Developing a vaccine requires growing large amounts of modified virus, often in animals, or in tissue culture at large scale. A modern alternative is to purify not the complete virus, but the isolated spike proteins. This is safer and easier to scale up. On the other hand, the immune system response to the isolated protein is often not as robust as it is to the organized lattice of the intact virion. Either way, enough material is needed to inject reasonable doses into millions of people.

But before doing this one has to know that the vaccine works to stimulate a protective immune response. This requires recruiting human volunteers to be vaccinated, and then be challenged with the infectious virus. All of this takes time and skilled personnel and $$. However, with sufficient investment, success is highly likely in most cases  (Though high investments in developing an HIV vaccine have not yet been successful). Note that vaccination is typically preventive – most vaccines do not provide relief for someone already infected.

Antiviral Therapies for Infected Individuals

Addressing the health hazards of Coronavirus infections would benefit greatly by anti-viral drugs that act to block the replication of the virus within infected cells, though some may block the attachment and internalization process. Such therapies are in use for other RNA viruses and are generally small molecules, taken as a pill, which act by binding to and interfering with the virus proteins that are needed to replicate the viral RNA. Another class of anti-viral drugs, which are effective with HIV, act by interfering with the synthesis and assembly of the coat proteins into the viral capsid. The US pharmaceutical industry already has the capacity to produce millions of doses of small molecules, so the rate limiting step in this case is more likely to be at the laboratory research and development stage.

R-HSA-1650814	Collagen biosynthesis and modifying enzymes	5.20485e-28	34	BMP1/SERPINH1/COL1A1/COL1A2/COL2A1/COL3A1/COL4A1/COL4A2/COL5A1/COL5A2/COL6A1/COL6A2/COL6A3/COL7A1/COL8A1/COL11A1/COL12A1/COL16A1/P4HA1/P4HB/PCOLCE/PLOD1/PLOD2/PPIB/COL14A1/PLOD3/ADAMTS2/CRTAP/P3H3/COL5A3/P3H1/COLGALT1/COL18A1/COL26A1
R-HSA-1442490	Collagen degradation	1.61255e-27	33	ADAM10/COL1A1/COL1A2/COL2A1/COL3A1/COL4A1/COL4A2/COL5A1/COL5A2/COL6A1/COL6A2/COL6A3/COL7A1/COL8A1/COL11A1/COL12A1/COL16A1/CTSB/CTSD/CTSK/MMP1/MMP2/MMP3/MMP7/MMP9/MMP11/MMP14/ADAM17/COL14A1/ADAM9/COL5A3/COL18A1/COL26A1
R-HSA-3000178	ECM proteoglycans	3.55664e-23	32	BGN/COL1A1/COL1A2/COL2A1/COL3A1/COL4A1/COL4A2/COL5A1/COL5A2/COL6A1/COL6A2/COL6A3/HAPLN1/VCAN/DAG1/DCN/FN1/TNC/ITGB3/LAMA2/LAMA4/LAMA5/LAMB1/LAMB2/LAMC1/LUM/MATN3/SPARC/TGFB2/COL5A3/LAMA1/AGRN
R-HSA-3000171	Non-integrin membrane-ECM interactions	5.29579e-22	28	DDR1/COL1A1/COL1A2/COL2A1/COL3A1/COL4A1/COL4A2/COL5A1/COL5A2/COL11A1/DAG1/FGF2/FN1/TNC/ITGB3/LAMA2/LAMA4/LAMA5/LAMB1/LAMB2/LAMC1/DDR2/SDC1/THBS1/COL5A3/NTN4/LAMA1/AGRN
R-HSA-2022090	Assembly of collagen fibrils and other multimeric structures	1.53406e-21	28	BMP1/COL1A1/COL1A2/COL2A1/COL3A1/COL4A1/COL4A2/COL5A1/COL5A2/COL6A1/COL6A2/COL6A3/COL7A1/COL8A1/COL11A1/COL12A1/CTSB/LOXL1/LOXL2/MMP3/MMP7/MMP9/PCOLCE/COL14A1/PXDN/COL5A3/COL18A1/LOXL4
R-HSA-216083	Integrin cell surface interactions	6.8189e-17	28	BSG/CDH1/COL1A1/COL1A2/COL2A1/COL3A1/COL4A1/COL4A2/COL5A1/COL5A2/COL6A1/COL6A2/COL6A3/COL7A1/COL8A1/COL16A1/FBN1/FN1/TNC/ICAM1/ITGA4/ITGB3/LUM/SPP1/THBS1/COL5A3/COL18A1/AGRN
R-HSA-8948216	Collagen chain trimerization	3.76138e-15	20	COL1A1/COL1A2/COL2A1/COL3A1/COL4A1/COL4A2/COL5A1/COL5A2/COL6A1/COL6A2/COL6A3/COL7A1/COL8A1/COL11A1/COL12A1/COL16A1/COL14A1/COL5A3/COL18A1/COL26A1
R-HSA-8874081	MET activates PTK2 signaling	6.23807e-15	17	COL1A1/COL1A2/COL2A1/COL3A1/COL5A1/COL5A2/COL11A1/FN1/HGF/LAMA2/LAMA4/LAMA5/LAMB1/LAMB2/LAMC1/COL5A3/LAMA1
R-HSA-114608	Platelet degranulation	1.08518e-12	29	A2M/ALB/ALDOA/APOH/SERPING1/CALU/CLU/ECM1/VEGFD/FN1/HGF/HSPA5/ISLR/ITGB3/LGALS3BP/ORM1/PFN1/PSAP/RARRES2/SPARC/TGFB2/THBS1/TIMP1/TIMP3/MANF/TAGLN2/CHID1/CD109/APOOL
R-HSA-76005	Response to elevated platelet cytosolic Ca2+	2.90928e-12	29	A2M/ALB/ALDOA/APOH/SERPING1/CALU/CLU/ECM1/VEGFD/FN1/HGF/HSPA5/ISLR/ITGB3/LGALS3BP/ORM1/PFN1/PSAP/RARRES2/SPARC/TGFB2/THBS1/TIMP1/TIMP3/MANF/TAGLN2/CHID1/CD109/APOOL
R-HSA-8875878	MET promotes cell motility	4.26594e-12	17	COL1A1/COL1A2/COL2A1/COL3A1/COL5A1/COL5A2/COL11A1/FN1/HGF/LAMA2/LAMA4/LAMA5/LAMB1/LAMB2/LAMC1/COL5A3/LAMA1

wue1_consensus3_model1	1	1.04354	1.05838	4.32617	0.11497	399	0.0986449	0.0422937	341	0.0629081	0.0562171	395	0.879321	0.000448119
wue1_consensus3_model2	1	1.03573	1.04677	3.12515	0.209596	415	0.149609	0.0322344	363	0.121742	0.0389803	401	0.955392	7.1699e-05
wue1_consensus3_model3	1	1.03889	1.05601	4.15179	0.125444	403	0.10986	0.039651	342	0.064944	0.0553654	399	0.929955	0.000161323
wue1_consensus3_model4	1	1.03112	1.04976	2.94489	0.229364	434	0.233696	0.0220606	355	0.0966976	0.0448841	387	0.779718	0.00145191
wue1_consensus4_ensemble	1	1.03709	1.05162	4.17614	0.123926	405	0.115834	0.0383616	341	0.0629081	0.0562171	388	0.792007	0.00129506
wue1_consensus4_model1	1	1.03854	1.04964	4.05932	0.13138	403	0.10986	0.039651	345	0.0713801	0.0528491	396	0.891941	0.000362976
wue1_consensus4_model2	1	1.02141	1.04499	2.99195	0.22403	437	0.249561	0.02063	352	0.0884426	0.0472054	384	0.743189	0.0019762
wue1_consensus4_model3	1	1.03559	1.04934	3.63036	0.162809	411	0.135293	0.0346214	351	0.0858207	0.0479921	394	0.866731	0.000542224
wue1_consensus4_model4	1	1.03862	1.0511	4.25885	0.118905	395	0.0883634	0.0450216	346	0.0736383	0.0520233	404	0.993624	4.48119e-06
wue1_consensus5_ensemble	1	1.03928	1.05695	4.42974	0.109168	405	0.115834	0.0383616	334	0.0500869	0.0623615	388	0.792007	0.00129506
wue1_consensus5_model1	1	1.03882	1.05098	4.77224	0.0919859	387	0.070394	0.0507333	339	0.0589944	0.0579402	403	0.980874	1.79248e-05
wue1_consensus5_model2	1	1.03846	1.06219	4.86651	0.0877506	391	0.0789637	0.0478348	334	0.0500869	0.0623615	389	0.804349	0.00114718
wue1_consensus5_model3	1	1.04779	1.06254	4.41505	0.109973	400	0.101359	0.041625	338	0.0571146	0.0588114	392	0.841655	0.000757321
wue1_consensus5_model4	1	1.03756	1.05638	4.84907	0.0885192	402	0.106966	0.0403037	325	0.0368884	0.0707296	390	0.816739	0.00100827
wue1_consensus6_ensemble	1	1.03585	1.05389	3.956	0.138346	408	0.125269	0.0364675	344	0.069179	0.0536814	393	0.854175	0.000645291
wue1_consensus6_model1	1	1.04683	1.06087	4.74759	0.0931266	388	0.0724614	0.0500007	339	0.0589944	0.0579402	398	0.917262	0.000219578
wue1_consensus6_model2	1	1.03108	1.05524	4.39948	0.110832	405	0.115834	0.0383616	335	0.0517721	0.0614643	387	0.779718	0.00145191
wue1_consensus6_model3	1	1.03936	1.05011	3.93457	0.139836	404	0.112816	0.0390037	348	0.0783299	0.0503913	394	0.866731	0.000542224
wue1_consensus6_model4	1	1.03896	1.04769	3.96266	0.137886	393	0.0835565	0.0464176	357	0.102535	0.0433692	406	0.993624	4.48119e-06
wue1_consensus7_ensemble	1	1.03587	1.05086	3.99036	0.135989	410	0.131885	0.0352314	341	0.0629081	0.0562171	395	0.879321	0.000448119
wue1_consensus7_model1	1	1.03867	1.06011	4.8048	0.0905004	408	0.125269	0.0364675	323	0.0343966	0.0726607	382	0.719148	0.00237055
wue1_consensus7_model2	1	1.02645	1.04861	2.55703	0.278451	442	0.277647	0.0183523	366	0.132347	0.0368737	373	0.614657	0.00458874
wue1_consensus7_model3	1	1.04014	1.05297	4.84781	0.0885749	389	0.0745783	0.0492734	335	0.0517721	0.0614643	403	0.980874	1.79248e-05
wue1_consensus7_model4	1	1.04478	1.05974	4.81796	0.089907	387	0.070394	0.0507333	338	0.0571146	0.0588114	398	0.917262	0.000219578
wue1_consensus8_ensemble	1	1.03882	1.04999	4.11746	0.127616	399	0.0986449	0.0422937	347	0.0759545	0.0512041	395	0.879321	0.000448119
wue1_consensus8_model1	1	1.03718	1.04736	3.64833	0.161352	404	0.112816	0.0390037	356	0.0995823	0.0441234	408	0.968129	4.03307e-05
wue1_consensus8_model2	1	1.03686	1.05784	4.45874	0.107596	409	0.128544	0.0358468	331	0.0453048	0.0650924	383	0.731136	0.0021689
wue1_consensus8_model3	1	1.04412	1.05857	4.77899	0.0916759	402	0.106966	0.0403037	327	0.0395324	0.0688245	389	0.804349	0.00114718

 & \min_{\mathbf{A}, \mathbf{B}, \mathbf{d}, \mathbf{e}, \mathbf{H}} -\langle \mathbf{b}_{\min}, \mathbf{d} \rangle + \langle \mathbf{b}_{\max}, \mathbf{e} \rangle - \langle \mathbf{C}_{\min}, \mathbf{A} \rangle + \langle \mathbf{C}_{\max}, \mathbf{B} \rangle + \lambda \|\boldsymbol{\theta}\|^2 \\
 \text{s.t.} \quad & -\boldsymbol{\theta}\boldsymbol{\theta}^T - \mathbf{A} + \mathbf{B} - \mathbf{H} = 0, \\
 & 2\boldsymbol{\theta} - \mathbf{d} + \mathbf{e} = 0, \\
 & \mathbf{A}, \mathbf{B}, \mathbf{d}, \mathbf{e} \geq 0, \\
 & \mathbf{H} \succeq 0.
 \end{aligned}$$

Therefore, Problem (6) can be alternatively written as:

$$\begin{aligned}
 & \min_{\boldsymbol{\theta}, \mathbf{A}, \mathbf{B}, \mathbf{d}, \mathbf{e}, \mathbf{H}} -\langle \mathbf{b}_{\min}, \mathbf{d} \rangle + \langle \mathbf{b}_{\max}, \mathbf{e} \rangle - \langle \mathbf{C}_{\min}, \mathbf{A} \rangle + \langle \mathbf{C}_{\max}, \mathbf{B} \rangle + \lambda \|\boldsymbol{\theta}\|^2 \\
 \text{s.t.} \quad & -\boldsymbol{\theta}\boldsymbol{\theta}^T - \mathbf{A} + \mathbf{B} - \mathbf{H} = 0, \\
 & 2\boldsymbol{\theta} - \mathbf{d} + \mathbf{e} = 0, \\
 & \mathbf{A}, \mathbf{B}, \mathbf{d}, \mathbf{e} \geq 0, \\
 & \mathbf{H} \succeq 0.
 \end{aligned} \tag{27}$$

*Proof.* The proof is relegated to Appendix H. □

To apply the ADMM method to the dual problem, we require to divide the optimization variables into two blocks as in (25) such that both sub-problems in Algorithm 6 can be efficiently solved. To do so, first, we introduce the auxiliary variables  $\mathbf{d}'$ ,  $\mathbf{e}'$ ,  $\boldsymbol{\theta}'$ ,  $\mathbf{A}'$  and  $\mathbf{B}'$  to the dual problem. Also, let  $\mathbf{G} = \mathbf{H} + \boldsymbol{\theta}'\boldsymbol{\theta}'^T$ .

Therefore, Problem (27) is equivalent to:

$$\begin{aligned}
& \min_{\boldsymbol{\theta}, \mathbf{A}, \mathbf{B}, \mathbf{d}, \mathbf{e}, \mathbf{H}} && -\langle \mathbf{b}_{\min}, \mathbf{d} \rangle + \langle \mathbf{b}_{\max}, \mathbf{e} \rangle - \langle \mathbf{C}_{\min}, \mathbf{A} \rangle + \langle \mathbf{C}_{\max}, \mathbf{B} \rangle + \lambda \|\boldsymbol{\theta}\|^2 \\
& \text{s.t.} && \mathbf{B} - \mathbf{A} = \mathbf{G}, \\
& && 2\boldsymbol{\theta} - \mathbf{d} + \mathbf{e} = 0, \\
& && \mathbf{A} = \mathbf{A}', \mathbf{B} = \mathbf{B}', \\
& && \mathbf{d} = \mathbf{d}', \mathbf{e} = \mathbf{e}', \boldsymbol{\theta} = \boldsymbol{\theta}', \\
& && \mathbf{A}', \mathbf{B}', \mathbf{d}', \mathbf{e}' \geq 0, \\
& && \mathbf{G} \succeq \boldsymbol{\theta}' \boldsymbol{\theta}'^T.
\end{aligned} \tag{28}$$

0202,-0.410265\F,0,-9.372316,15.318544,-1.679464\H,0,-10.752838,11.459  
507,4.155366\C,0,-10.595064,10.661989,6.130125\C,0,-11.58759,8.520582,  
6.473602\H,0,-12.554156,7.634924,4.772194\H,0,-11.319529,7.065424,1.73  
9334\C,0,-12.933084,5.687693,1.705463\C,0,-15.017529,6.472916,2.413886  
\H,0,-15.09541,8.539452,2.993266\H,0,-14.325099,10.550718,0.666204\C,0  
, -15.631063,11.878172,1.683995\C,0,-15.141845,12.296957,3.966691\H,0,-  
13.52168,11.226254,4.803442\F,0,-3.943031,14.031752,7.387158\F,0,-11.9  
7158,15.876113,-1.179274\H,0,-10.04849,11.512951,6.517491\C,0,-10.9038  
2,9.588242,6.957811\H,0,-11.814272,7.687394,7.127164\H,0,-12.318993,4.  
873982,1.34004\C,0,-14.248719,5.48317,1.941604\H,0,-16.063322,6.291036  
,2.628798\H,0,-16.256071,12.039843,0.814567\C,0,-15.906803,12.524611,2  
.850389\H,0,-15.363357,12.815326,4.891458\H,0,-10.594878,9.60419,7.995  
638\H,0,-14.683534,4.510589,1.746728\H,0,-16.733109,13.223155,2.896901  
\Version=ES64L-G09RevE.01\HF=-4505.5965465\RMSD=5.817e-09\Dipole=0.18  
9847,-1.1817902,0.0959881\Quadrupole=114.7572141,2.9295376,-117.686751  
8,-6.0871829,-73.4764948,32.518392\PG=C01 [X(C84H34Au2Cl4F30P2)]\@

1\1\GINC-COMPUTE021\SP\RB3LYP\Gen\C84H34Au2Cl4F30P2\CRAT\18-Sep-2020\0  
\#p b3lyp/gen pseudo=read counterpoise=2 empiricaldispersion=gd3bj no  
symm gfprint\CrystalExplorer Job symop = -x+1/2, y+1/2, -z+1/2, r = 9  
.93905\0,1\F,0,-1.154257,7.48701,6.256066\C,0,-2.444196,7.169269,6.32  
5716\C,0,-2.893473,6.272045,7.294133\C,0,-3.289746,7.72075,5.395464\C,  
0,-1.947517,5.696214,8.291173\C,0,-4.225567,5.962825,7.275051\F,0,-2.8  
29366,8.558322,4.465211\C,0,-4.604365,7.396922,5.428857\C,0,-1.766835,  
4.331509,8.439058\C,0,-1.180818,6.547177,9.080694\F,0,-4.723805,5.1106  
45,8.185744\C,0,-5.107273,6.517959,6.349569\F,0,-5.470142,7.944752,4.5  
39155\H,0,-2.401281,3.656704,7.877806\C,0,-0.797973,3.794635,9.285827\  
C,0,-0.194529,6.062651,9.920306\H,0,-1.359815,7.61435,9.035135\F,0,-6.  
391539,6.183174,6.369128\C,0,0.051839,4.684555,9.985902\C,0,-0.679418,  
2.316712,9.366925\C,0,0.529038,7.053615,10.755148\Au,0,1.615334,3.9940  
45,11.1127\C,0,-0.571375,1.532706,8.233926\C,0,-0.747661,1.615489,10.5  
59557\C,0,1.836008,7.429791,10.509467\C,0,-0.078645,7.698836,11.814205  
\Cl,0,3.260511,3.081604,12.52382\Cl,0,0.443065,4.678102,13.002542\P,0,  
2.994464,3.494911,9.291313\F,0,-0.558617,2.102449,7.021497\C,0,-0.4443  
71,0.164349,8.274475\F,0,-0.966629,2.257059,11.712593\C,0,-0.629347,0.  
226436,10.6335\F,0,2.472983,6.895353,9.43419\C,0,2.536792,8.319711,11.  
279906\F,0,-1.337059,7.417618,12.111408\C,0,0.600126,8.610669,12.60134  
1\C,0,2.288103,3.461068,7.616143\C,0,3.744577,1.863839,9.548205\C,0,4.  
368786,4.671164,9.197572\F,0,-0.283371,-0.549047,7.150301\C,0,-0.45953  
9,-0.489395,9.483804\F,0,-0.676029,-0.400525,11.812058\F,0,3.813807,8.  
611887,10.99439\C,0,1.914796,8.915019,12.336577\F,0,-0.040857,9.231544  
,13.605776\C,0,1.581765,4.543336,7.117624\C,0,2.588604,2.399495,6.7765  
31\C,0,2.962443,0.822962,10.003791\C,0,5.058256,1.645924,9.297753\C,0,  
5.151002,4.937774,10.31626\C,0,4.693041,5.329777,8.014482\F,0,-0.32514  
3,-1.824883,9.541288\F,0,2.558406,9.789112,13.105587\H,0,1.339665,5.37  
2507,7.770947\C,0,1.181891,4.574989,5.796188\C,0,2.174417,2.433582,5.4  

Needed Public Investments:

The Congressional vote for an $8.3 billion dollars to speed up the response to the Coronavirus is a step in the right direction. CoV19 and other emerging infectious diseases represent global threats to our national security. Just as we have massive and sustained funding for the military – more than $738 billion next year -and other efforts to fight more traditional and visible threats to our national security, these “invisible” killers require a similar budgetary effort. Absent a change in tax law, this will require transferring funds from Cold War images of national security budgets, to the real security needs of our people.

The system already lacked sufficient funds to continue with vaccine development for the SARS virus, after that threat subsided. We need a scientific and biomedical research infrastructure that can respond to the next threats, and of course a healthcare system and healthcare financing that can insure high quality treatment for all.

Some Resources:

Cornonavirus Structure:

https://www.nih.gov/news-events/nih-research-matters/novel-coronavirus-structure-reveals-targets-vaccines-treatments

Center for Disease Control and Prevention:

http://www.cdc.gov

American Public Health Association:

http://aphagetready.org/coronavirus.htm

Vaccine Development:

https://www.cdc.gov/vaccines/basics/test-approve.html

Jonathan King and Eric Sundberg have directed biomedical research projects on viruses and viral proteins supported by the National Institutes of Health and National Science Foundation. They are both members of the Public Affairs Committee of the Biophysical Society